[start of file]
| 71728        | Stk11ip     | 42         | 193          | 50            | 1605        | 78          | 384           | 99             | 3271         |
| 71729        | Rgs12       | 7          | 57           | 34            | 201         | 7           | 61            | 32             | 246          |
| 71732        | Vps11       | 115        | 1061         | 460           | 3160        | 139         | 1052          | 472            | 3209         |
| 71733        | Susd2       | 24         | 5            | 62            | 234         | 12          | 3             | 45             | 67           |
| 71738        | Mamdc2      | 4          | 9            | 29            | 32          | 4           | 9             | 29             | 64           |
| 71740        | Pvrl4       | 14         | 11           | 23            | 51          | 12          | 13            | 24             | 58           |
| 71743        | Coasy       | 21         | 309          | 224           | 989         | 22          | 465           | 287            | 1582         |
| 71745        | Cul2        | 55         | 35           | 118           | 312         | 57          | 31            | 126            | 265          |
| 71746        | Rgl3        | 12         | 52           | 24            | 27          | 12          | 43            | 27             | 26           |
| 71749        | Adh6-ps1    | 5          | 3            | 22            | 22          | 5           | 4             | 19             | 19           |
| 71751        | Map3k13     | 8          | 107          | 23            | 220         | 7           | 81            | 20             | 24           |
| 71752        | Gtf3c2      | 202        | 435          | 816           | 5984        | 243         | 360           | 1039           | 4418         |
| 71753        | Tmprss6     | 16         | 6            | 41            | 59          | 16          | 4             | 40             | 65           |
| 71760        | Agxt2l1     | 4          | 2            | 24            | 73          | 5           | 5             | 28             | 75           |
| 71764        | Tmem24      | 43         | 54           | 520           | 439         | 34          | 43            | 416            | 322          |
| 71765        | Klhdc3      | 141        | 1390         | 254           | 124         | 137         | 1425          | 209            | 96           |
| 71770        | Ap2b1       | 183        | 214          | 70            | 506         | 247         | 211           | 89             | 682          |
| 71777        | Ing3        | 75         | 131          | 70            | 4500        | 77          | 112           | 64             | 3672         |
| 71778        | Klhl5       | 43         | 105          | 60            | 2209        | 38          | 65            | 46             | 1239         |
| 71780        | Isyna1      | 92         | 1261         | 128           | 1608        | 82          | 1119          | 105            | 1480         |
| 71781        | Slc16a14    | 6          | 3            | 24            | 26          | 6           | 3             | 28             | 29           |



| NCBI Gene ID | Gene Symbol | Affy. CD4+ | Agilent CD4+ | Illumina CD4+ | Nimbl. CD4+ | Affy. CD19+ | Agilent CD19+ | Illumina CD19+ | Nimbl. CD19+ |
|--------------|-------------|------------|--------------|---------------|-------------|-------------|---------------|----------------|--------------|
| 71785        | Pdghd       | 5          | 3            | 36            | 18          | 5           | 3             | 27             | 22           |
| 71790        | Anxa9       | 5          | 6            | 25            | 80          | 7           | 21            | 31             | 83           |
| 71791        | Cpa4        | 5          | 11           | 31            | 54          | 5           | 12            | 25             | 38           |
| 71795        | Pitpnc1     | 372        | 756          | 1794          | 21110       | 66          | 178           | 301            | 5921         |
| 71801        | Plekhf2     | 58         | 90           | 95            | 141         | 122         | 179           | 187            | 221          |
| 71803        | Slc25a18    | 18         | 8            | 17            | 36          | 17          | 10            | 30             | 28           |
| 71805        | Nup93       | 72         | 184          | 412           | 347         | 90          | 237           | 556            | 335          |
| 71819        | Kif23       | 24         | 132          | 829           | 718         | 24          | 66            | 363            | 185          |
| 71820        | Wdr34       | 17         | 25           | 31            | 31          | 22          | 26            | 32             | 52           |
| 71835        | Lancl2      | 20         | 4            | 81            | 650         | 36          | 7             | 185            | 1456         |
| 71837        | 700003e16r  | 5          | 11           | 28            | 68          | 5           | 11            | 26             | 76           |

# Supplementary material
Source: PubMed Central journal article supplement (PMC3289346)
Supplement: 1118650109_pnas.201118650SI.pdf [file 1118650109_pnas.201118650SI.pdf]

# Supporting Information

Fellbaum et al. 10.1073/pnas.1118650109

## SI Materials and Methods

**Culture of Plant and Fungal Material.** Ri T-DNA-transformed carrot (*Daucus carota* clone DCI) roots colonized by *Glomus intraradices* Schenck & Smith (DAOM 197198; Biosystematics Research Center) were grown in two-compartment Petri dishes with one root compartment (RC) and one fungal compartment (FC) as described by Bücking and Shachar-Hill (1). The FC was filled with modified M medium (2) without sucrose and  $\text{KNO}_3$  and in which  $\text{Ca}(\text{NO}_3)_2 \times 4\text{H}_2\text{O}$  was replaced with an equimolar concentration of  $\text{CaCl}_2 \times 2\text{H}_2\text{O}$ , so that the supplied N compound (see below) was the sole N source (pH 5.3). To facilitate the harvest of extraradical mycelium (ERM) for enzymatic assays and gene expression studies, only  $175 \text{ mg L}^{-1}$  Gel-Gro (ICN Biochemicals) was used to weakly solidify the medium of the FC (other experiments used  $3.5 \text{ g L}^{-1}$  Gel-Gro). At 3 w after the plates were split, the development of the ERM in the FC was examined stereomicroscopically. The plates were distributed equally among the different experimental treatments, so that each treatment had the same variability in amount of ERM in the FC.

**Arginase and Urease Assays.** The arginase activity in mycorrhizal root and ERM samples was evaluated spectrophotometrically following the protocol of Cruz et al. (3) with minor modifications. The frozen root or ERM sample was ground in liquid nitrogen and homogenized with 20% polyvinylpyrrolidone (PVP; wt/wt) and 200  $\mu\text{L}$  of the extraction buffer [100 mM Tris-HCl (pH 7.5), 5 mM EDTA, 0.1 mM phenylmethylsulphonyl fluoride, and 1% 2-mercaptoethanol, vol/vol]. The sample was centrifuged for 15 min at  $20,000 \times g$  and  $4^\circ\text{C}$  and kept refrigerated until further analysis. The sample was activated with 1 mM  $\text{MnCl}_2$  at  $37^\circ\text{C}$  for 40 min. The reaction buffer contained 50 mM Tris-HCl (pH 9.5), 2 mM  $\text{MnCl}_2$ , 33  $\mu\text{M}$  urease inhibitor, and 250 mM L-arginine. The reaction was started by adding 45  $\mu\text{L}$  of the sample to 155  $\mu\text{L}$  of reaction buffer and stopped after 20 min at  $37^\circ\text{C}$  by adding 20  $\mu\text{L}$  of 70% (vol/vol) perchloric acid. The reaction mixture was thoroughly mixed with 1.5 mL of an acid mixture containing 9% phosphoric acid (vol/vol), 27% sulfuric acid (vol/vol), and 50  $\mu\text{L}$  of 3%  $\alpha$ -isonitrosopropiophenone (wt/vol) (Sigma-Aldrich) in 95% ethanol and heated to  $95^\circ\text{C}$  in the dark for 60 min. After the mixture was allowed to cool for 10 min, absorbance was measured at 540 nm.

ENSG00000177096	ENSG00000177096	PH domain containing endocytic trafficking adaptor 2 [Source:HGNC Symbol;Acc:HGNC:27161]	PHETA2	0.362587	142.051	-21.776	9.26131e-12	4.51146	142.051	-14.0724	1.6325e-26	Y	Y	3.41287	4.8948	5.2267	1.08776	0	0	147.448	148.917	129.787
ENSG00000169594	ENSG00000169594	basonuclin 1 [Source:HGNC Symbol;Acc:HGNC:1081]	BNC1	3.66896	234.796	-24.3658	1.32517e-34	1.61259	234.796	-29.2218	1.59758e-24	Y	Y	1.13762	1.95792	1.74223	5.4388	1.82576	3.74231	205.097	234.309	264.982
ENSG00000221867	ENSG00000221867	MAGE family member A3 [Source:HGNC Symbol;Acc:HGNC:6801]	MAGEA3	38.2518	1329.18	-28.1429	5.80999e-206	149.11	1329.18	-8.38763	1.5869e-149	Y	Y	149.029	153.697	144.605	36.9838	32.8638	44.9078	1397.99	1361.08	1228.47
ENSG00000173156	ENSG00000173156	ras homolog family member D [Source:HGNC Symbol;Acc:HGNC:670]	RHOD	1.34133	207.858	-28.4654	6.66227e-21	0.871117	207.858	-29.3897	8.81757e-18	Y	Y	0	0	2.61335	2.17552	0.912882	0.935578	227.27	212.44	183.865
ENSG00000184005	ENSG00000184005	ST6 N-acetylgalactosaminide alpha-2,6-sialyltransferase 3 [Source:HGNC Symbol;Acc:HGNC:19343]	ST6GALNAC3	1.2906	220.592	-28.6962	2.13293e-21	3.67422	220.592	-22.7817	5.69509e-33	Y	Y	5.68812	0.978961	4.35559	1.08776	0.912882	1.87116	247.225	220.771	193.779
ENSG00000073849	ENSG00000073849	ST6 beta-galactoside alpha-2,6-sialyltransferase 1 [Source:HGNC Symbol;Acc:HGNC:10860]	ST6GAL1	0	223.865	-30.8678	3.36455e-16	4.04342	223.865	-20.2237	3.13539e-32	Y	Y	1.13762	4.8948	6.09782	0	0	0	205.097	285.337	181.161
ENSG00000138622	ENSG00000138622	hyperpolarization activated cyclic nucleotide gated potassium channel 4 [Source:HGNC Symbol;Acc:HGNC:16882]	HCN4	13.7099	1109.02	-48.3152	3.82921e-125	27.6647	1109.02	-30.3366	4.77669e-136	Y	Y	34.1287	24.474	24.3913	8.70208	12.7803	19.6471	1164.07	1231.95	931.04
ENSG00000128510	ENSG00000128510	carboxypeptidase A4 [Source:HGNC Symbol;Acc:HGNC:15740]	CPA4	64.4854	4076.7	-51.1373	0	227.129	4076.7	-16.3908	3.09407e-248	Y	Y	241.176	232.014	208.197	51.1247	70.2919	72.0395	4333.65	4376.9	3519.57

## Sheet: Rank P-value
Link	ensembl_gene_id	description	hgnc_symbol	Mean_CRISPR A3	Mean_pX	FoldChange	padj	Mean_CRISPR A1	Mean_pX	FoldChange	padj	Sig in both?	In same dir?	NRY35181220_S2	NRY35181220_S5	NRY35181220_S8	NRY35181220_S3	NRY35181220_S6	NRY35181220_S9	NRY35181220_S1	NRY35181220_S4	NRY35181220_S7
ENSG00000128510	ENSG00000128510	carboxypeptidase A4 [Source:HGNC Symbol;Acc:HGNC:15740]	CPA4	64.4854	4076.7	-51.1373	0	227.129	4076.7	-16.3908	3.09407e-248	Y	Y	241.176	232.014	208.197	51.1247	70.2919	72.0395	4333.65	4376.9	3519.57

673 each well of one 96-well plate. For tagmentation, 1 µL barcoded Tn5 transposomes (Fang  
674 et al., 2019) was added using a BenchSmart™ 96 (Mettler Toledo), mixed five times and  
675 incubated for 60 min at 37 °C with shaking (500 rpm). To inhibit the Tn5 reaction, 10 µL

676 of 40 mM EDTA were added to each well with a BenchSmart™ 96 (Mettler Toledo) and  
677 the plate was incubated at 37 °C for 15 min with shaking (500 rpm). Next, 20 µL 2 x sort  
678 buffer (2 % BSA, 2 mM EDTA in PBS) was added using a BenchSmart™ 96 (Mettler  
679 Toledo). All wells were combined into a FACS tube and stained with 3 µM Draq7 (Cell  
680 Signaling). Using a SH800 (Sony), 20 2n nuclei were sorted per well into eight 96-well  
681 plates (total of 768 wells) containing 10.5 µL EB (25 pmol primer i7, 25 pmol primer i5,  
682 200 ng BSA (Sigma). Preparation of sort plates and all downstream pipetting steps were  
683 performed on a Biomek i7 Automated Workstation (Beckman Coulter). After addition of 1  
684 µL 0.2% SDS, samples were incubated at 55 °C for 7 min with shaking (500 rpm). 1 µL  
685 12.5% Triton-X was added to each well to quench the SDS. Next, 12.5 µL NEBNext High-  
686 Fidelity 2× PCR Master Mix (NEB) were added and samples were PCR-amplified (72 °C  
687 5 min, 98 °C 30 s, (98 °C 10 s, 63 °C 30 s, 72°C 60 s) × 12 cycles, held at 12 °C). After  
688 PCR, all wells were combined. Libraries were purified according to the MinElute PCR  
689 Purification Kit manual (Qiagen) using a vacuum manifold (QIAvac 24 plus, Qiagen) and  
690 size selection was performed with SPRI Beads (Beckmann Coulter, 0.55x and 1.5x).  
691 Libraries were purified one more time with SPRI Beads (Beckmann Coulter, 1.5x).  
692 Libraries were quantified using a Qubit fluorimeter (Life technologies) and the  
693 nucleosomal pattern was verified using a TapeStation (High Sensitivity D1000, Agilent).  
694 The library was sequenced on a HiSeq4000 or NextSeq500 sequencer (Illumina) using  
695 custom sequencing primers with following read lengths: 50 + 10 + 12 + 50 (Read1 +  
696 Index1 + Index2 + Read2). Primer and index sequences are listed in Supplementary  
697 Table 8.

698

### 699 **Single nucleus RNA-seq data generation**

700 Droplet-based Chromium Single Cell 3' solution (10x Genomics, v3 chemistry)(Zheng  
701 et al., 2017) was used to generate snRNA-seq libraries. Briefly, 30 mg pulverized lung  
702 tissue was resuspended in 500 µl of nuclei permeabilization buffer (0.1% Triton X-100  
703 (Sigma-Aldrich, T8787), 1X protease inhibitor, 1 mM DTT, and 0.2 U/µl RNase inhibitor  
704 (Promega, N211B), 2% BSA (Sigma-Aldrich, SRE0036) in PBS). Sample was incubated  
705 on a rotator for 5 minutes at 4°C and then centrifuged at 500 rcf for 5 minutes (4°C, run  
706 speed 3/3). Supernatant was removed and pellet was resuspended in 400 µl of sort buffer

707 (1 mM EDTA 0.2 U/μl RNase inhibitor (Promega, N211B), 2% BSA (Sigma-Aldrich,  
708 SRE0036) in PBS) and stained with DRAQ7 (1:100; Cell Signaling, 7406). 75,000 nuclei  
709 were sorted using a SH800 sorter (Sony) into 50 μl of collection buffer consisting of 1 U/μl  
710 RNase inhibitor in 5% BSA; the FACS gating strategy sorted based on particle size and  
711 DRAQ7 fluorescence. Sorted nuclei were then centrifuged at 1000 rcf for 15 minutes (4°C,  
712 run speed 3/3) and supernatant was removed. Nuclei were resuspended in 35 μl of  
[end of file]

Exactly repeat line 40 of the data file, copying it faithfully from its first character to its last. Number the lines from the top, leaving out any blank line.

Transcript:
## SI Materials and Methods